In this presentation we review the operation scheme of conventional hollow cathodes for space propulsion with an emphasis on heaterless hollow cathodes. We also present recent progress in the research and development of HHCs. The presentation will focus on the engineering aspects of HHC design and operation, as well as on the proved performance of these cathodes. We start by introducing the common HHC configurations used today. We then present recent findings regarding the plasma breakdown, heating transient and steady state phases of HHC ignition and operation. Subsequently, we address the destruction mechanisms reported in recent studies. Lastly, we identify some of the current challenges to be solved for further progress of HHC technology.

[1]. D. Lev and L. Appel. "Heaterless Hollow Cathode Technology - A Critical Review". The 5th Space Propulsion Conference (SPC), 2-6 May, 2016, Rome, Italy, SP2016_3125366.
[2]. D.M. Goebel and I. Katz, Fundamentals of Electric Propulsion: Ion and Hall Thrusters, John Wiley & Sons, NJ, USA 2008.
[3]. Vekselman, V., et al. “Characterization of a Heaterless Hollow Cathode.” Journal of Propulsion and Power, vol. 29, no. 2, 2013, pp. 475–486., doi:10.2514/1.b34628.



Omri Hamo (Technion)
Contributed Speaker

Optical Emission Spectroscopy Measurements of the Narrow Channel Hall Thruster Plume

A non-intrusive optical emission spectroscopy technique for studying Xenon plasma was used for studying a low power Hall effect thruster, known as the Narrow Channel Hall Thruster (NCHT). The relevant optical setup was assembled and calibrated. A Xenon collisional radiative model, crucial for extracting the plasma properties from the measurements, was implemented. Electron temperature measurements were obtained in the plume region of the NCHT. The preliminary results show similar qualitative behaviour to conventional measurements techniques and simulation results.



Amnon Fruchtman (H.I.T)
Contributed Speaker

Plasma-based mass separation by waves and space-charge fields

Standing or evanescent electromagnetic waves can accelerate charged particles by the ponderomotive force. The direction of acceleration is mass dependent, depending on whether the cyclotron frequency of the particle in the steady magnetic field is larger or smaller than the wave frequency. Schemes for mass separation can be proposed based on the different dynamics of particles of different mass. For a significant yield, the space-charge fields of the plasma have to be considered. A configuration for mass separation for industrial needs is considered, where one particle is resonant and other particles are pushed by space-charge electric fields.



Asher Yahalom (Ariel U.)
Contributed Speaker

A Three Function Variational Principle for Stationary Non-Barotropic Magnetohydrodynamics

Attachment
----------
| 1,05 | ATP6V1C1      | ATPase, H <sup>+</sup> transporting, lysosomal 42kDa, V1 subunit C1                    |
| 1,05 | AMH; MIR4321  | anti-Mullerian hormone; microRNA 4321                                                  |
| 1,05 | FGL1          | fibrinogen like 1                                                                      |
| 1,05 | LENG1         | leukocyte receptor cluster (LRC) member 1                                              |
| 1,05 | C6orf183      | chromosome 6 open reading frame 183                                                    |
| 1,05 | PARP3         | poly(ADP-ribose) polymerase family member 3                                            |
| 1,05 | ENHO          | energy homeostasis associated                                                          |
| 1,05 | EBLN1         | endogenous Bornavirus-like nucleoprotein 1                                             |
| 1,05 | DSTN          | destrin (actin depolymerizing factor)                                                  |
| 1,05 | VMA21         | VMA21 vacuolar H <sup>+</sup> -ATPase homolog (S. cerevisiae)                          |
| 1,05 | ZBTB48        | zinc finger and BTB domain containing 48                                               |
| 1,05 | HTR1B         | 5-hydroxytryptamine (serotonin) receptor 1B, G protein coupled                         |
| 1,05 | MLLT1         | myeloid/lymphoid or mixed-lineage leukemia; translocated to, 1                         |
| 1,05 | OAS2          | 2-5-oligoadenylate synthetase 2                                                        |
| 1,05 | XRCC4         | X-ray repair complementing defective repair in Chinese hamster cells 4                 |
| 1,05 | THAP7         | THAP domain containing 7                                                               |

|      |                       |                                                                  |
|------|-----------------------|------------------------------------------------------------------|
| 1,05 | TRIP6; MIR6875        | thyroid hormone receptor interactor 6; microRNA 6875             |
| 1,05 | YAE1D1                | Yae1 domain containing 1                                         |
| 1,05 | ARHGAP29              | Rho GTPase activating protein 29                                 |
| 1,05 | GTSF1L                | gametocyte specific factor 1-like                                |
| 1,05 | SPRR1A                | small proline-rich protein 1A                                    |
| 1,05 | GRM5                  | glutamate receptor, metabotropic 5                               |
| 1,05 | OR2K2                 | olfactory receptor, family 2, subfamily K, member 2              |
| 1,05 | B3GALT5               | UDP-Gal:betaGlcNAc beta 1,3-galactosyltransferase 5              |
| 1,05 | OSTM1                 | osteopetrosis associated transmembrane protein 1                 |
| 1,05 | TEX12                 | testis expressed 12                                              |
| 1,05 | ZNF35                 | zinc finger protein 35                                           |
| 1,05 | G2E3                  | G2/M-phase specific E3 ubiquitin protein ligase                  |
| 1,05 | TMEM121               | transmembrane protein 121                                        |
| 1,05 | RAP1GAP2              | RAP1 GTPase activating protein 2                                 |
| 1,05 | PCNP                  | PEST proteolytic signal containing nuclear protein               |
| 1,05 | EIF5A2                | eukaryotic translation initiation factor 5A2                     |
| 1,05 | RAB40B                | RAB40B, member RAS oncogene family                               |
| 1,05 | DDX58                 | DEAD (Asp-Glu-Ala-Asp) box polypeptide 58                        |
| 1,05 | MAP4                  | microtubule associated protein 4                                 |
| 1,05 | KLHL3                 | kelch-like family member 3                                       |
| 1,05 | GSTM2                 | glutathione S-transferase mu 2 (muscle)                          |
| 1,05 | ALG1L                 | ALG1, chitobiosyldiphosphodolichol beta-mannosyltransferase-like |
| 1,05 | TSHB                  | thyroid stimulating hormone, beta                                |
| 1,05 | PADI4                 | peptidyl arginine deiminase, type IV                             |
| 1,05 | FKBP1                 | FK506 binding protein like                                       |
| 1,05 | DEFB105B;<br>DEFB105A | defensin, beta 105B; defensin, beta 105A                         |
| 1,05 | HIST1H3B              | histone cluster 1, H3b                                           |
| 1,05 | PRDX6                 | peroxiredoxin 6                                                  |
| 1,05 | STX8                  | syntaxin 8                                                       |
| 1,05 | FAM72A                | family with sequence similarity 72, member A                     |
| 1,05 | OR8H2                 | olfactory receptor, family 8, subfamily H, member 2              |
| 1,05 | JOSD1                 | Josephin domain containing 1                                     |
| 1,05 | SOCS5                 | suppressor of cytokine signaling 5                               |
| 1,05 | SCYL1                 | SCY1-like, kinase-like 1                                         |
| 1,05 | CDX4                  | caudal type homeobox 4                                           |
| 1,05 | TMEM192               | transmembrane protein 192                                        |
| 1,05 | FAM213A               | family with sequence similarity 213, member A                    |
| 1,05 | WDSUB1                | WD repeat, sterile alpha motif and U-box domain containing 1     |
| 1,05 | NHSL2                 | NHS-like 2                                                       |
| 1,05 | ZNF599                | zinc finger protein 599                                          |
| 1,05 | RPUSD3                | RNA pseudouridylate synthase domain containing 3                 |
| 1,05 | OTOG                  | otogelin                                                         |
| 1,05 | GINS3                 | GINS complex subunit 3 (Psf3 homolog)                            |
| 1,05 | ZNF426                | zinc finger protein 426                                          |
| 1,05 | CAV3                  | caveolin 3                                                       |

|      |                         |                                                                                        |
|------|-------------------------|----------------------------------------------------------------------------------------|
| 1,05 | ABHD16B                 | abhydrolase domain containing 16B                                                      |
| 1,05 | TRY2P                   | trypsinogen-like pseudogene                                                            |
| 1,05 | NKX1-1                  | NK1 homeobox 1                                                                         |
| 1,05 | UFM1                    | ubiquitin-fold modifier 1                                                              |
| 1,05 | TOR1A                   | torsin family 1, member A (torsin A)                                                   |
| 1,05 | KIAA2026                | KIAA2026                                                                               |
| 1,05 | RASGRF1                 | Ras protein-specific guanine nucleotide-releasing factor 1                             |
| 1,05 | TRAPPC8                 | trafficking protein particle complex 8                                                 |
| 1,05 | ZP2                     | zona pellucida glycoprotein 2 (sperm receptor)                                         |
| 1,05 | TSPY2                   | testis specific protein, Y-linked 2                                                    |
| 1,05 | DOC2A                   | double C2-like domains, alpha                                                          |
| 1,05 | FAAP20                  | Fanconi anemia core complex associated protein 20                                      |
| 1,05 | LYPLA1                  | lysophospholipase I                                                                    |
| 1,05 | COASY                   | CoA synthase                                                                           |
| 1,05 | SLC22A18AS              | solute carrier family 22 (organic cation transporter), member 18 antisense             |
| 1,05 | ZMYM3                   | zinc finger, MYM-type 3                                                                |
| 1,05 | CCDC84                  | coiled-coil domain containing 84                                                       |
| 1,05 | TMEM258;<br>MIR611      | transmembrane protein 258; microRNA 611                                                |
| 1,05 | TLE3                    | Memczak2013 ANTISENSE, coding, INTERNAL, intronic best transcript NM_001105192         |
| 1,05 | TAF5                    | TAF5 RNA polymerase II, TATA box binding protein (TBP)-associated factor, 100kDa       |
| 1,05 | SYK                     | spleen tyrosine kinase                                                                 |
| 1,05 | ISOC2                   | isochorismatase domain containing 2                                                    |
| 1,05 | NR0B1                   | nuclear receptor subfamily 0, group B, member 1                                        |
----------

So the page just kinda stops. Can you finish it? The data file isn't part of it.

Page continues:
Variational principles for magnetohydrodynamics were introduced by previous authors both in Lagrangian and Eulerian form. In this paper we introduce simpler Eulerian variational principles from which all the relevant equations of non-barotropic stationary magnetohydrodynamics can be derived for surface covering field topologies. This is thus a generalization of a similar variational principle for stationary barotropic magnetohydrodynamics which was previously introduced. The variational principle is given in terms of only three independent functions for stationary non-barotropic flows. This is a smaller number of variables than the eight variables which appear in the standard equations of non-barotropic magnetohydrodynamics which are the magnetic field B the velocity field v, the specific entropy s and the density ρ. The three functions are two surfaces χ and η the intersection of which are the magnetic field lines. And an additional function which varies along the magnetic field lines the magnetohydrodynamic metage μ (however, its surfaces are generally not orthogonal to the field lines).  We further investigate the case in which the flow along magnetic lines is not ideal, and we transport phenomena along the temperature gradients.



Amir Weinberg (Ariel U.)
Contributed Speaker

Dogleg design for an MeV Ultra-fast electron Diffraction beamline for the hybrid Photo-emitted RF GUN at Ariel University

A secondary parallel beamline is proposed for the construction of a Mega electron Volt Ultrafast electron Diffraction (Mev UED) facility, based on the novel hybrid 6 MeV RF-GUN in the Schlesinger center for compact accelerators in Ariel University. The Addition of a second beamline requires kicking the beam sideways and back, using a dogleg section. In order to change the trajectory of the beam, while preserving as much as possible the quality of the relativistic electron beam, requires a careful design and simulation process. Start-to-end comprehensive simulations of the dogleg design were performed using GPT (General Particle Tracer) software followed by analysis and optimization for the simulations in order to achieve optimal beam parameters in the second beamline. We present the results of the dogleg design and optimization.



Roundtable Discussion

Moderator: Igal Kronhaus
Panel members: Aduardo Ahedo, Michael Keidar, Amnon Fruchtman, Dav Lev


Space Plasma Propulsion

One of the most successful examples of industrial application of plasma technology is in space propulsion. More than one thousand plasma thrusters are currently in space aboard various spacecraft: from miniature satellites, no larger than a shoebox, to large multi-ton communication satellites, up to manned orbital stations. In this panel we will discuss current and near-future developments in plasma thruster science and technology. The panel will host top scientists in the field of electric propulsion.


Our Sponsors


IVS-IPSTA 2021 - 39th Annual Conference
November 17, 2021 | ONLINE

Conference Organizing Team

Gilbert Daniel Nessim (IVS President, BIU) | Ilya Grinberg (BIU) | Haim Barak (BIU)

Tatyana Bendikov (WIS) | Elad Koren (Technion) | Muhammad Bashouti (BGU) 
Noa Lachman-Senesh (TAU) | Igal Kronhaus (Technion)
Sharon Waichman (NRCN, Rotem Industries)